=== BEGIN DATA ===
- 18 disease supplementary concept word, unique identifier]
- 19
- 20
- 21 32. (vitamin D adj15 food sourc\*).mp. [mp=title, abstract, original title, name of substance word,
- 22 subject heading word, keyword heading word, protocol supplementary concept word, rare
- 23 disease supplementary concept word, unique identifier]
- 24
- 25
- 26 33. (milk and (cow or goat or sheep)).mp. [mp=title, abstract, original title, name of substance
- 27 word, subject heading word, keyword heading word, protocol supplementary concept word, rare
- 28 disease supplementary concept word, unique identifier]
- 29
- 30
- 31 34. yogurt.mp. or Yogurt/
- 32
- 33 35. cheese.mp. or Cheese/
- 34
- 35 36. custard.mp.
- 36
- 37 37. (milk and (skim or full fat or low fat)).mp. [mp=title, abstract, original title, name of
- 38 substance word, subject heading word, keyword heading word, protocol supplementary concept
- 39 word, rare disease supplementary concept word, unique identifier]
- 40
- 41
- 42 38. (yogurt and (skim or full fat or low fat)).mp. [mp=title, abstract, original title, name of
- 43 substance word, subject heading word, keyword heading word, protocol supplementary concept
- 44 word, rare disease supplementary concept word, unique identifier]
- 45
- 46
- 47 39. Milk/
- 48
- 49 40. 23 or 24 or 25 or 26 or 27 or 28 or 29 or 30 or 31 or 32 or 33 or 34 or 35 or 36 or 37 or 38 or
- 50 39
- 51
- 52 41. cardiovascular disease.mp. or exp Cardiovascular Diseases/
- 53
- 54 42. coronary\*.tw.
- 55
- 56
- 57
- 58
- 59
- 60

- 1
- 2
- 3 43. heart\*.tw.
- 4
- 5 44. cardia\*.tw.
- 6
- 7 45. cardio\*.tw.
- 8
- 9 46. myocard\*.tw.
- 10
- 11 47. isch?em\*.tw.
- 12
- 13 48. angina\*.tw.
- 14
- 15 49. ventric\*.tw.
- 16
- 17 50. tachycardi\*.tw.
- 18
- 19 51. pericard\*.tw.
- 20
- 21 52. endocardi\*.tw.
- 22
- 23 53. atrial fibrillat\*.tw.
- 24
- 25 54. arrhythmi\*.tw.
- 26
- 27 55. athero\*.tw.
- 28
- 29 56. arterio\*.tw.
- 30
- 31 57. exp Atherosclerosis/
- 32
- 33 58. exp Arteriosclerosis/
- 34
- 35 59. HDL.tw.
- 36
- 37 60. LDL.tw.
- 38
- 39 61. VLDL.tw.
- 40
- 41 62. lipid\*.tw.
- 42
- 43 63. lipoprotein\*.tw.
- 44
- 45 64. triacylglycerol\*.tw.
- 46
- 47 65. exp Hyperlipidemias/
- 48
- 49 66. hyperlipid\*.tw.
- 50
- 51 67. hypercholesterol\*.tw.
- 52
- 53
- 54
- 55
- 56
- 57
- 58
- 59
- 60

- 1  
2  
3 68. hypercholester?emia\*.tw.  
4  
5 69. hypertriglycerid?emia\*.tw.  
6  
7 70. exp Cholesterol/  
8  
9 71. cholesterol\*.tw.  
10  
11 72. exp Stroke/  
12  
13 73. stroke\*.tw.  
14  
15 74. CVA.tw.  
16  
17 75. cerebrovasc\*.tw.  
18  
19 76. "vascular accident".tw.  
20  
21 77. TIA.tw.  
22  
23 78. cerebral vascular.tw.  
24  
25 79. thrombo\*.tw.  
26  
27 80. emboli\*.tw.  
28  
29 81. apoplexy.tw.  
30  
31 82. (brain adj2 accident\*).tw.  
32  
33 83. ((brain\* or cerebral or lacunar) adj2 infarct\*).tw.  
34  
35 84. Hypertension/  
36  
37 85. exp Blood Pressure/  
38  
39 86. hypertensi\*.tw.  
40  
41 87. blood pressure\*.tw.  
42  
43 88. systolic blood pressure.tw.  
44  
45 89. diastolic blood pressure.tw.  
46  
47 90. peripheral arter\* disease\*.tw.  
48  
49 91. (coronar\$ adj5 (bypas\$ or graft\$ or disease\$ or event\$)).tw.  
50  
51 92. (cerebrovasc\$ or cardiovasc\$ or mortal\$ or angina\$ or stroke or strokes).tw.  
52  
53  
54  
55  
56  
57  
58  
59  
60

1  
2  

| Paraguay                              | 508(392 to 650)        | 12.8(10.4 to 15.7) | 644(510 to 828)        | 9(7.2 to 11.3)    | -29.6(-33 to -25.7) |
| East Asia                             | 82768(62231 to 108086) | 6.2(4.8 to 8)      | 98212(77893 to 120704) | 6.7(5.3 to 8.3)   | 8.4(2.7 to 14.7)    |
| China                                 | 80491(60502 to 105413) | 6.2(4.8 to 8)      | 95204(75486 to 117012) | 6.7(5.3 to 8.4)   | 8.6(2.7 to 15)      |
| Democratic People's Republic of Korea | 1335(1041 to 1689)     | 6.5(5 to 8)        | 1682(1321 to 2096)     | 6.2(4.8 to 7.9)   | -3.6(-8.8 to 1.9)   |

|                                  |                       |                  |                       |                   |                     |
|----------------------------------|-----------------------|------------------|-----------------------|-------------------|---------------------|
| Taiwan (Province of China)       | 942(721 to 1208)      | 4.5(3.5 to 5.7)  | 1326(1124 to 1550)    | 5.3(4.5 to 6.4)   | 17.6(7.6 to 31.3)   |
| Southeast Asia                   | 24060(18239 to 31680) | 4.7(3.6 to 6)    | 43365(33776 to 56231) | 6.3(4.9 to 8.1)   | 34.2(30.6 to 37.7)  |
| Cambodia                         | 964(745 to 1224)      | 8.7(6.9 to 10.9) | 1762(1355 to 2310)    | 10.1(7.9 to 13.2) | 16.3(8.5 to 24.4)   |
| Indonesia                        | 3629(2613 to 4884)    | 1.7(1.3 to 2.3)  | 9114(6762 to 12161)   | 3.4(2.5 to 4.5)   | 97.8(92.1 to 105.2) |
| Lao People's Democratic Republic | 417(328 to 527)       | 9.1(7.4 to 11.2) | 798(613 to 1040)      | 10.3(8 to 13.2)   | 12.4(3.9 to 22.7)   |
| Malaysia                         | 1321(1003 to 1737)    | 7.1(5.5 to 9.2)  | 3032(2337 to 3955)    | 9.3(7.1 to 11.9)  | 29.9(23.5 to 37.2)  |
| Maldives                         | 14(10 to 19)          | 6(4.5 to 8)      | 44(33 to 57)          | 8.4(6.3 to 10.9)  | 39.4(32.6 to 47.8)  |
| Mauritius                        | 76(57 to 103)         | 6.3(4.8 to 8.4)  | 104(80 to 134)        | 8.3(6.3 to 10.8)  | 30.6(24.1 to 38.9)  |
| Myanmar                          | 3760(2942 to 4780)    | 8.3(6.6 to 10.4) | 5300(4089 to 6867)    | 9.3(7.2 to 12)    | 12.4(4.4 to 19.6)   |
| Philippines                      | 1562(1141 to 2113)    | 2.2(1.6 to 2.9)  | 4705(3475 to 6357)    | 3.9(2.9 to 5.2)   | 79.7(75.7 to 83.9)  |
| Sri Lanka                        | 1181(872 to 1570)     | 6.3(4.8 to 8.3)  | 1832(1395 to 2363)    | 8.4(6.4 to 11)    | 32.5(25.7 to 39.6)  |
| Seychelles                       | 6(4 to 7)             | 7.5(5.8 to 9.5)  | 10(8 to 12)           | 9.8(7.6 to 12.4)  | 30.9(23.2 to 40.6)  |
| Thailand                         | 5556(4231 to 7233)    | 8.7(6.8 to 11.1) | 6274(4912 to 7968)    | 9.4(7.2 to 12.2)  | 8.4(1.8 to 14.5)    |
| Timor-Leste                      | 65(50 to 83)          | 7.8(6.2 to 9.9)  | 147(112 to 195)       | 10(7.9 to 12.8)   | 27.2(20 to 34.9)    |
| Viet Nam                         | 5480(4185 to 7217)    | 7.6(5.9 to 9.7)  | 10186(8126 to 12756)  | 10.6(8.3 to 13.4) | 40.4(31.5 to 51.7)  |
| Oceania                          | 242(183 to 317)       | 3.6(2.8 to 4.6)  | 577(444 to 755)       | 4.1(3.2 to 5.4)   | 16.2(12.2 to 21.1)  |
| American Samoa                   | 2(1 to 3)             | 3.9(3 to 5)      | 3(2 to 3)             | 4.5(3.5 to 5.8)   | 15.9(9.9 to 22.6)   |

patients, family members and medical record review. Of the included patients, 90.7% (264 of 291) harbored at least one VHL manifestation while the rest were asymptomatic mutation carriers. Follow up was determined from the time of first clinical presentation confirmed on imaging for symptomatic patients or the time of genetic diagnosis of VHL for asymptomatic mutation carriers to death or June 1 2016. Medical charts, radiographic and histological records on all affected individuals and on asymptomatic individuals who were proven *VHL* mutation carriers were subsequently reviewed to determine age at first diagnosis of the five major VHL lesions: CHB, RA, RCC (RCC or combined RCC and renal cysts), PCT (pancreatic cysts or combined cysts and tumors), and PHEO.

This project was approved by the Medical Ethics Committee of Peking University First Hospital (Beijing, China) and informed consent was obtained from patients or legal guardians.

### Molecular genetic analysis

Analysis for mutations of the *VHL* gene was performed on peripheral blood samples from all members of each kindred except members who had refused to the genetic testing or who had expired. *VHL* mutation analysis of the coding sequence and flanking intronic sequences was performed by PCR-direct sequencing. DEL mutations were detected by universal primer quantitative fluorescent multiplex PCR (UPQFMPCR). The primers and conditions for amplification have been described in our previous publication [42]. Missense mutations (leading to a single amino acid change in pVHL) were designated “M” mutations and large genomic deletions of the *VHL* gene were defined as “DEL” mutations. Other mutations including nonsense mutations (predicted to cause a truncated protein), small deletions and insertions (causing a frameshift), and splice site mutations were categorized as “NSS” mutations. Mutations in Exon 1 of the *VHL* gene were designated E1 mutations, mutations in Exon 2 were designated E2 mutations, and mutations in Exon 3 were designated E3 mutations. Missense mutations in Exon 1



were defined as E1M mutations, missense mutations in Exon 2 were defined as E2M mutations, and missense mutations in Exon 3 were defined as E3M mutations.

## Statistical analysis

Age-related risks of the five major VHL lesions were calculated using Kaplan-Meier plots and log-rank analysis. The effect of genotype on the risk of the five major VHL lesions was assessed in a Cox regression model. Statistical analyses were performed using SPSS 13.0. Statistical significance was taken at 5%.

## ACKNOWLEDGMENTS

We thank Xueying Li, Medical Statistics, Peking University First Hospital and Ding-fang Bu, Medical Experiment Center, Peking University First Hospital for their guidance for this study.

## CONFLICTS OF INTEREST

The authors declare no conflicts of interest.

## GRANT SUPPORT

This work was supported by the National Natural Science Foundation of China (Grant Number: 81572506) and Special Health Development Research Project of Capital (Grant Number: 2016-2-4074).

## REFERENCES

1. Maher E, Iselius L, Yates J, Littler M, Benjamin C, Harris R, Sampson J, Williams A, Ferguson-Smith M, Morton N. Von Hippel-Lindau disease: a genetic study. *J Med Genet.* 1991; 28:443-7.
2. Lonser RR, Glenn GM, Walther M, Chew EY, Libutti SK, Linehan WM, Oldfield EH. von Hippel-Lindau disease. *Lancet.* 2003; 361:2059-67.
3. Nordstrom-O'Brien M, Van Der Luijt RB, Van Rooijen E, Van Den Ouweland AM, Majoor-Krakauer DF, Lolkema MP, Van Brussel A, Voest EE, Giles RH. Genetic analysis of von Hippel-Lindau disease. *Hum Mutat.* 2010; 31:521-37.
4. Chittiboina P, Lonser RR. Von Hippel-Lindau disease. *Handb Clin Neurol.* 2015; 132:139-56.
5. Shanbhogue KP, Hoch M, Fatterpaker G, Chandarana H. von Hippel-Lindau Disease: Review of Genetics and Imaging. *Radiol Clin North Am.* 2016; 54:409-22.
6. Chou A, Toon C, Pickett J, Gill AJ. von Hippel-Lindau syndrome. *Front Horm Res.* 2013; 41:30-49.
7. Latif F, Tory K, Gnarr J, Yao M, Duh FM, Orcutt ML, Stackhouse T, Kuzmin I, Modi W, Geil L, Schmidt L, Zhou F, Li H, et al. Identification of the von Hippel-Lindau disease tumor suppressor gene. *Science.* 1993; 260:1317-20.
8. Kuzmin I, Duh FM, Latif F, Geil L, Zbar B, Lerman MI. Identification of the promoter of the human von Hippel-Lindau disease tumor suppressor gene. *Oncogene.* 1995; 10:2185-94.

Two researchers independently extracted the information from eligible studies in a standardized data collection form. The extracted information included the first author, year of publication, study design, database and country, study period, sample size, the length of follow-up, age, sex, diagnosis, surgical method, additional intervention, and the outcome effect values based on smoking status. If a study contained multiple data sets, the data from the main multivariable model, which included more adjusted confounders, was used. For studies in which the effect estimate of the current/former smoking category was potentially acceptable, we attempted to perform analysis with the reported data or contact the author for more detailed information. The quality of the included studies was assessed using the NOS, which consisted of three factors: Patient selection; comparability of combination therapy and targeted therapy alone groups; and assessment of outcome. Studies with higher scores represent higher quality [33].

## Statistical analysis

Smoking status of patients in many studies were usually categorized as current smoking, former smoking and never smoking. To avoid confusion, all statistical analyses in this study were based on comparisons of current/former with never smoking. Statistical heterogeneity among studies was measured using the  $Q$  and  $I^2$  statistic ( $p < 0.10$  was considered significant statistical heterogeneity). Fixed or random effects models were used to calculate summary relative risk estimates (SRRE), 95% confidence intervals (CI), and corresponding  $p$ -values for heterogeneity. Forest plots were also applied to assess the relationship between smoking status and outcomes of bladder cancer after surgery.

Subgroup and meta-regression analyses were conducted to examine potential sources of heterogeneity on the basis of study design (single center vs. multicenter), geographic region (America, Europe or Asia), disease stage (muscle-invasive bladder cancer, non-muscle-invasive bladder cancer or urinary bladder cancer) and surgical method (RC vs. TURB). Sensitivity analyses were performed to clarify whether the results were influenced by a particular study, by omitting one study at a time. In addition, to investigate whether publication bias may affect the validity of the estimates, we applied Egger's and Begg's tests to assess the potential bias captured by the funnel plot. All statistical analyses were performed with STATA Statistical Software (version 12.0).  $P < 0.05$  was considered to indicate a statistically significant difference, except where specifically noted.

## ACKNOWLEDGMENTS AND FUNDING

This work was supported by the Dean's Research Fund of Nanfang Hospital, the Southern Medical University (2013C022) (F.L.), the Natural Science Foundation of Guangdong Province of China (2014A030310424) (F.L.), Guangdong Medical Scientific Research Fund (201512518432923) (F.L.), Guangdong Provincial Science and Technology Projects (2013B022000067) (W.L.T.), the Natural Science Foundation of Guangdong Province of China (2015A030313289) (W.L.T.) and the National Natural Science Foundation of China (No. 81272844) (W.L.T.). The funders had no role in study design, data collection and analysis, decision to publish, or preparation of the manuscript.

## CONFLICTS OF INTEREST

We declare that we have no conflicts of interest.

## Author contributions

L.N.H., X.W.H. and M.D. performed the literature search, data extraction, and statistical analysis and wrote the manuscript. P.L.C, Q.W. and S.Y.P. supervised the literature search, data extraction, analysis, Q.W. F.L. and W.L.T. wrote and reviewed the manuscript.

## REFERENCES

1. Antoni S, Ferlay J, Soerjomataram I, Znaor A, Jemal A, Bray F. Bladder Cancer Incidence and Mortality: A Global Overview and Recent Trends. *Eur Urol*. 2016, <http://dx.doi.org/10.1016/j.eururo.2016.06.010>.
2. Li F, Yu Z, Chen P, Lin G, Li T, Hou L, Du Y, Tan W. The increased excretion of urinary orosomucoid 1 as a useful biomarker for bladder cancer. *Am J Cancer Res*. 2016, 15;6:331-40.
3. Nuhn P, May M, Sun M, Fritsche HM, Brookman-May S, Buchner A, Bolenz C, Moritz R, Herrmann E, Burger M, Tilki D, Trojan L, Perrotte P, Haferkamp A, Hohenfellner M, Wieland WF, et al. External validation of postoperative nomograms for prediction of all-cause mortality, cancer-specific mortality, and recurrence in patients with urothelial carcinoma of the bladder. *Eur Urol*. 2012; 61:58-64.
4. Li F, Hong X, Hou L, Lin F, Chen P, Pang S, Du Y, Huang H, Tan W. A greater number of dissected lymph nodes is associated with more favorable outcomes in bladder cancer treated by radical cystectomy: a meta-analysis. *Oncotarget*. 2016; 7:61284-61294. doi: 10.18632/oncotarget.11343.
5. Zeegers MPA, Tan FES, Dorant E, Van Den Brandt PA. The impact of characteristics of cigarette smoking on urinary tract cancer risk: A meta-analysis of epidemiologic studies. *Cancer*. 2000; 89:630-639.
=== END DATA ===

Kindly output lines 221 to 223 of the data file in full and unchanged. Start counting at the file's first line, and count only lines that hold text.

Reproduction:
## REFERENCES

1. Antoni S, Ferlay J, Soerjomataram I, Znaor A, Jemal A, Bray F. Bladder Cancer Incidence and Mortality: A Global Overview and Recent Trends. *Eur Urol*. 2016, <http://dx.doi.org/10.1016/j.eururo.2016.06.010>.
2. Li F, Yu Z, Chen P, Lin G, Li T, Hou L, Du Y, Tan W. The increased excretion of urinary orosomucoid 1 as a useful biomarker for bladder cancer. *Am J Cancer Res*. 2016, 15;6:331-40.